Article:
Whirlpool Duet WED94HEAW Review
Lackluster performance makes us question the high price tag on this new dryer.
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Whirlpool recently launched several new products in the laundry category, one of which was the . This brand new dryer, which retails for $1299, is definitely an expensive endeavor on the part of the manufacturer. It certainly looks worth it: we were very excited to see the shiny white finish with stainless trim, fresh out of the box and ready for testing. Unfortunately, the actual drying performance proved to be somewhat lackluster; it doesn't appear to really shine over anything else in its price range—or under its price range, for that matter.
While the cycle list and extra features are certainly solid, those two elements by themselves don't really justify spending that much money on a dryer. Luckily, some retailers are already offering this at discounted prices as low as $1000. If the inclusion of steam-based features is a plus for you and you don't mind paying extra for a fancier design, go for it; otherwise, you might as well save some money and get a better machine that's been on the market for longer.
Design & Usability
To be, or not to be (a button)
Though it's not smashing through any stylistic walls, this manages to look very nice. The glossy white exterior gives it a higher-end look than traditional enamel finishes, and it's complemented well by lots of stainless steel trim on the door and controls. Also, the controls use vibrant blue indicator lights that really pop, making it exceptionally easy to read.
While we took issue with the flat non-buttons, everything else on the dryer works just fine. The visual element of the control panel is perfect: everything looks great, is easily readable, and stands out from the general white enamel exterior. However, instead of having actual buttons that depress when pushed, the uses flat sensor buttons—you push on them, but nothing moves. It's like a glorified touch screen, but without the smooth responsiveness that people come to expect from that kind of technology in this day and age. You may be fine with it, but after pressing the power and start buttons for a few cycles, we got rather sick of it. At the very least, the machine plays a catchy little tune when it turns on and off that somewhat made up for the irritation.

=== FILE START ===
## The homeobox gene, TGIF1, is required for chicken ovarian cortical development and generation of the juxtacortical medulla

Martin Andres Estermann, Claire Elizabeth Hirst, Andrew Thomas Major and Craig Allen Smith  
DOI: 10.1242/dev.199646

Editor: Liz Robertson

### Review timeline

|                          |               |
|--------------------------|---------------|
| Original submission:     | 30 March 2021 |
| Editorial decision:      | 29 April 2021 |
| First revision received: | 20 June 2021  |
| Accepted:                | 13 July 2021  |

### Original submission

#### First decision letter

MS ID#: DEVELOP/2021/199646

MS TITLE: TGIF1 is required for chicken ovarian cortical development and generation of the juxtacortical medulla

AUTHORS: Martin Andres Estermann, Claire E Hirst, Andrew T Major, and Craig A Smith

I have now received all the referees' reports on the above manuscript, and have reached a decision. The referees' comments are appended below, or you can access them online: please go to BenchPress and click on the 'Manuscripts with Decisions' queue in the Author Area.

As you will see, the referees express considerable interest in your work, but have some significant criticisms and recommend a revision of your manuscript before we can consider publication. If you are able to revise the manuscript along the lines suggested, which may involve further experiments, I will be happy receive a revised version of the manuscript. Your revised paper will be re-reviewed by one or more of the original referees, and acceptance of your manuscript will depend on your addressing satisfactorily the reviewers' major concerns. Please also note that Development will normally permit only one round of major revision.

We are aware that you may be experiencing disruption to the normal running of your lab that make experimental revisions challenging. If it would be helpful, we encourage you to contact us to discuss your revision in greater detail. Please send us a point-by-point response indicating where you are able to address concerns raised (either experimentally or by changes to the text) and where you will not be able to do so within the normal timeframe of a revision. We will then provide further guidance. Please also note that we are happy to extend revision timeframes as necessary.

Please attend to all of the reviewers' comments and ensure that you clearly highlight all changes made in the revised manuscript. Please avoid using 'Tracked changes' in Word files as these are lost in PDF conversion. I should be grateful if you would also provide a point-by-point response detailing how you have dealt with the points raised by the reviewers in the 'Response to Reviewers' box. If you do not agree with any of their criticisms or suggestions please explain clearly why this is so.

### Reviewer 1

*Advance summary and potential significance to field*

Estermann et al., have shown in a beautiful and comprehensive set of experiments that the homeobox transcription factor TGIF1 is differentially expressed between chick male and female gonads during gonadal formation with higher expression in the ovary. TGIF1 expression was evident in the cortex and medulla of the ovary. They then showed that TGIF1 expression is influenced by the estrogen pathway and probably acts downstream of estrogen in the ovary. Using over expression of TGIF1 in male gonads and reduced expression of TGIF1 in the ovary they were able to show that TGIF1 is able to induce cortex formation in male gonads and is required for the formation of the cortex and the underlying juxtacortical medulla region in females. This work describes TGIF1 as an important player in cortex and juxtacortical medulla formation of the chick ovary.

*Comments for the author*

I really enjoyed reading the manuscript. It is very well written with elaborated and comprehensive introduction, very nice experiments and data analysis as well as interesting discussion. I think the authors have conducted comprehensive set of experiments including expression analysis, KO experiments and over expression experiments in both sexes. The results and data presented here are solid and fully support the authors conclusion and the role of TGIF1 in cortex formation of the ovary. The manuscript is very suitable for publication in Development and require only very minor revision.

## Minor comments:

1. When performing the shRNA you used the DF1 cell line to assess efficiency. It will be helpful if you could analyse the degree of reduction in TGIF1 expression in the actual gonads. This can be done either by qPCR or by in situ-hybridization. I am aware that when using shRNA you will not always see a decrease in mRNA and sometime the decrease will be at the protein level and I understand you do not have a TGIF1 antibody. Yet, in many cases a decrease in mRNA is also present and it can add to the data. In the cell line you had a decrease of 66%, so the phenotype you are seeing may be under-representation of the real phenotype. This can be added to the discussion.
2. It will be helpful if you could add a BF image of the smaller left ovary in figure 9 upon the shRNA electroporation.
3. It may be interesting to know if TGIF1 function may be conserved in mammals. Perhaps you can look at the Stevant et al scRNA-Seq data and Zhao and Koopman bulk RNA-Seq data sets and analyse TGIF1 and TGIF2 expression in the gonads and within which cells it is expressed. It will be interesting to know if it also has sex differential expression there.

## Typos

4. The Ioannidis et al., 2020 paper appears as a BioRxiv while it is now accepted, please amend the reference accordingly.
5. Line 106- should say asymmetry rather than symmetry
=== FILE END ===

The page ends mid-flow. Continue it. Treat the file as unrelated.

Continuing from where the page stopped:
Performance & Features
Fat price tags don't always mean stellar performance.
With a total of ten different cycles to choose from, the manages to cover all the standard bases and then some. In addition to your typical settings, you've also got options that range from Towels to Sanitize cycles. The one feature that utilizes the dryer's steam hook-up is the Steam Refresh option, designed to remove wrinkles and light odors from garments.
Five different temperature settings and three dryness levels offer average gradations of customization for the . Additionally, you can set the dryer's damp dry signal to loud, soft, or mute, whatever suits your preference.
While you may not get quite as many features as you'd expect for a dryer that costs over $1000, the still manages to provide an impressive slew of options. Rather standard features such as the Wrinkle Shield, a drum light, and a control lock are all included, but you also have an Eco Boost setting (to maximize energy efficiency) and a static reduce feature that adds small amounts of moisture via the steam attachment. While there's only one cycle that takes advantage of that steam hook-up, it's worth noting that you can turn on a specific Steam feature for any sensor-based cycle; this adds steam right at the end, just before the cool-down portion of a load, presumably to reduce wrinkling and to make ironing easier.